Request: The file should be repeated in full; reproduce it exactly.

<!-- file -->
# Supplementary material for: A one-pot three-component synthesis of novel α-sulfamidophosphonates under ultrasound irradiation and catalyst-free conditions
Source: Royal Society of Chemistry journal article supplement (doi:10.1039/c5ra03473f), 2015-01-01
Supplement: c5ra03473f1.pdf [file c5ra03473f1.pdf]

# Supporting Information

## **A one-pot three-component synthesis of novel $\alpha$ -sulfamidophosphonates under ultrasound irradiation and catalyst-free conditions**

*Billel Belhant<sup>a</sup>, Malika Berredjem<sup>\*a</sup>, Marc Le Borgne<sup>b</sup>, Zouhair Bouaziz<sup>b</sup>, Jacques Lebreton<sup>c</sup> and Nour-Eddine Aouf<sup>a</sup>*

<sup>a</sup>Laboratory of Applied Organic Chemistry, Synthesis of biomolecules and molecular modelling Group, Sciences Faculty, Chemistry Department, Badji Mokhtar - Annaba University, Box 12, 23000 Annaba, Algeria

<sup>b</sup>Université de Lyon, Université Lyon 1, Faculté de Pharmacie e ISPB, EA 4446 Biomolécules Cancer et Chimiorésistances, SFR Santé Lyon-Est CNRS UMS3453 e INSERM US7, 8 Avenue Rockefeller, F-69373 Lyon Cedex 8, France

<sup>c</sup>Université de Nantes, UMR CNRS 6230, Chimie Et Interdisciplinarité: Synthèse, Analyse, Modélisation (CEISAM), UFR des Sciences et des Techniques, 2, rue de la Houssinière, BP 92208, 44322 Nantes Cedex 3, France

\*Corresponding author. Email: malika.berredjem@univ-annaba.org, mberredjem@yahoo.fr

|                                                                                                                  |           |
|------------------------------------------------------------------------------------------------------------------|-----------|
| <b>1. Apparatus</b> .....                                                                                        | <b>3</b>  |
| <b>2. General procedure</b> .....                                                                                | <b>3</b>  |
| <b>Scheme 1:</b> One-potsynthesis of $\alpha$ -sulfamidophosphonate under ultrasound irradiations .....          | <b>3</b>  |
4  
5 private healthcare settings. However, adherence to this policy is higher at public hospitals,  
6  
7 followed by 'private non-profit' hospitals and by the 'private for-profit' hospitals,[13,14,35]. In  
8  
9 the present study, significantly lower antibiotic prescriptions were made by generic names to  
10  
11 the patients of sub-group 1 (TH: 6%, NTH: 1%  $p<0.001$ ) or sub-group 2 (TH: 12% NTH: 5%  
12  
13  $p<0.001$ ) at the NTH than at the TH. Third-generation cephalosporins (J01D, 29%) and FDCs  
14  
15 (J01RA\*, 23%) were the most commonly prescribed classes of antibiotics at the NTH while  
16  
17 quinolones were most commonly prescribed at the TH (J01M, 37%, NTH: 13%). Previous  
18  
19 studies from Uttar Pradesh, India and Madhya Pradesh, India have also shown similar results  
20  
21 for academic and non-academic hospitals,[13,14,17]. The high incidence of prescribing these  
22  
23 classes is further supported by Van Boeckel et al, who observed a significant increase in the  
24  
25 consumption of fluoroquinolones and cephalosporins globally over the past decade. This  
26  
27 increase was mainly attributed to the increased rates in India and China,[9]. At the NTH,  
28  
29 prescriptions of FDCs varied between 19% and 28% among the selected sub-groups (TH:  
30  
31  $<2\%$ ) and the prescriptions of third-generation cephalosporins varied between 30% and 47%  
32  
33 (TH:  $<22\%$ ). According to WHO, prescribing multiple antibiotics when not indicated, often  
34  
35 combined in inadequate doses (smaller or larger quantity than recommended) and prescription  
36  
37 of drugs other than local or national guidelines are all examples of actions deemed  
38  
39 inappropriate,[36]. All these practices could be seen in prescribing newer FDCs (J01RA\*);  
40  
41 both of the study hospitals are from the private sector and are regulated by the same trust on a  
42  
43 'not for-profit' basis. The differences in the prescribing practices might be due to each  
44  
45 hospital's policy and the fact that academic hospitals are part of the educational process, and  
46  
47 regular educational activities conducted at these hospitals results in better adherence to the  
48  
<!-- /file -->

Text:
# Supplementary material for: A one-pot three-component synthesis of novel α-sulfamidophosphonates under ultrasound irradiation and catalyst-free conditions
Source: Royal Society of Chemistry journal article supplement (doi:10.1039/c5ra03473f), 2015-01-01
Supplement: c5ra03473f1.pdf [file c5ra03473f1.pdf]

# Supporting Information

## **A one-pot three-component synthesis of novel $\alpha$ -sulfamidophosphonates under ultrasound irradiation and catalyst-free conditions**

*Billel Belhant<sup>a</sup>, Malika Berredjem<sup>\*a</sup>, Marc Le Borgne<sup>b</sup>, Zouhair Bouaziz<sup>b</sup>, Jacques Lebreton<sup>c</sup> and Nour-Eddine Aouf<sup>a</sup>*

<sup>a</sup>Laboratory of Applied Organic Chemistry, Synthesis of biomolecules and molecular modelling Group, Sciences Faculty, Chemistry Department, Badji Mokhtar - Annaba University, Box 12, 23000 Annaba, Algeria

<sup>b</sup>Université de Lyon, Université Lyon 1, Faculté de Pharmacie e ISPB, EA 4446 Biomolécules Cancer et Chimiorésistances, SFR Santé Lyon-Est CNRS UMS3453 e INSERM US7, 8 Avenue Rockefeller, F-69373 Lyon Cedex 8, France

<sup>c</sup>Université de Nantes, UMR CNRS 6230, Chimie Et Interdisciplinarité: Synthèse, Analyse, Modélisation (CEISAM), UFR des Sciences et des Techniques, 2, rue de la Houssinière, BP 92208, 44322 Nantes Cedex 3, France

\*Corresponding author. Email: malika.berredjem@univ-annaba.org, mberredjem@yahoo.fr

|                                                                                                                  |           |
|------------------------------------------------------------------------------------------------------------------|-----------|
| <b>1. Apparatus</b> .....                                                                                        | <b>3</b>  |
| <b>2. General procedure</b> .....                                                                                | <b>3</b>  |
| <b>Scheme 1:</b> One-potsynthesis of $\alpha$ -sulfamidophosphonate under ultrasound irradiations .....          | <b>3</b>  |
4  
5 private healthcare settings. However, adherence to this policy is higher at public hospitals,  
6  
7 followed by 'private non-profit' hospitals and by the 'private for-profit' hospitals,[13,14,35]. In  
8  
9 the present study, significantly lower antibiotic prescriptions were made by generic names to  
10  
11 the patients of sub-group 1 (TH: 6%, NTH: 1%  $p<0.001$ ) or sub-group 2 (TH: 12% NTH: 5%  
12  
13  $p<0.001$ ) at the NTH than at the TH. Third-generation cephalosporins (J01D, 29%) and FDCs  
14  
15 (J01RA\*, 23%) were the most commonly prescribed classes of antibiotics at the NTH while  
16  
17 quinolones were most commonly prescribed at the TH (J01M, 37%, NTH: 13%). Previous  
18  
19 studies from Uttar Pradesh, India and Madhya Pradesh, India have also shown similar results  
20  
21 for academic and non-academic hospitals,[13,14,17]. The high incidence of prescribing these  
22  
23 classes is further supported by Van Boeckel et al, who observed a significant increase in the  
24  
25 consumption of fluoroquinolones and cephalosporins globally over the past decade. This  
26  
27 increase was mainly attributed to the increased rates in India and China,[9]. At the NTH,  
28  
29 prescriptions of FDCs varied between 19% and 28% among the selected sub-groups (TH:  
30  
31  $<2\%$ ) and the prescriptions of third-generation cephalosporins varied between 30% and 47%  
32  
33 (TH:  $<22\%$ ). According to WHO, prescribing multiple antibiotics when not indicated, often  
34  
35 combined in inadequate doses (smaller or larger quantity than recommended) and prescription  
36  
37 of drugs other than local or national guidelines are all examples of actions deemed  
38  
39 inappropriate,[36]. All these practices could be seen in prescribing newer FDCs (J01RA\*);  
40  
41 both of the study hospitals are from the private sector and are regulated by the same trust on a  
42  
43 'not for-profit' basis. The differences in the prescribing practices might be due to each  
44  
45 hospital's policy and the fact that academic hospitals are part of the educational process, and  
46  
47 regular educational activities conducted at these hospitals results in better adherence to the  
48  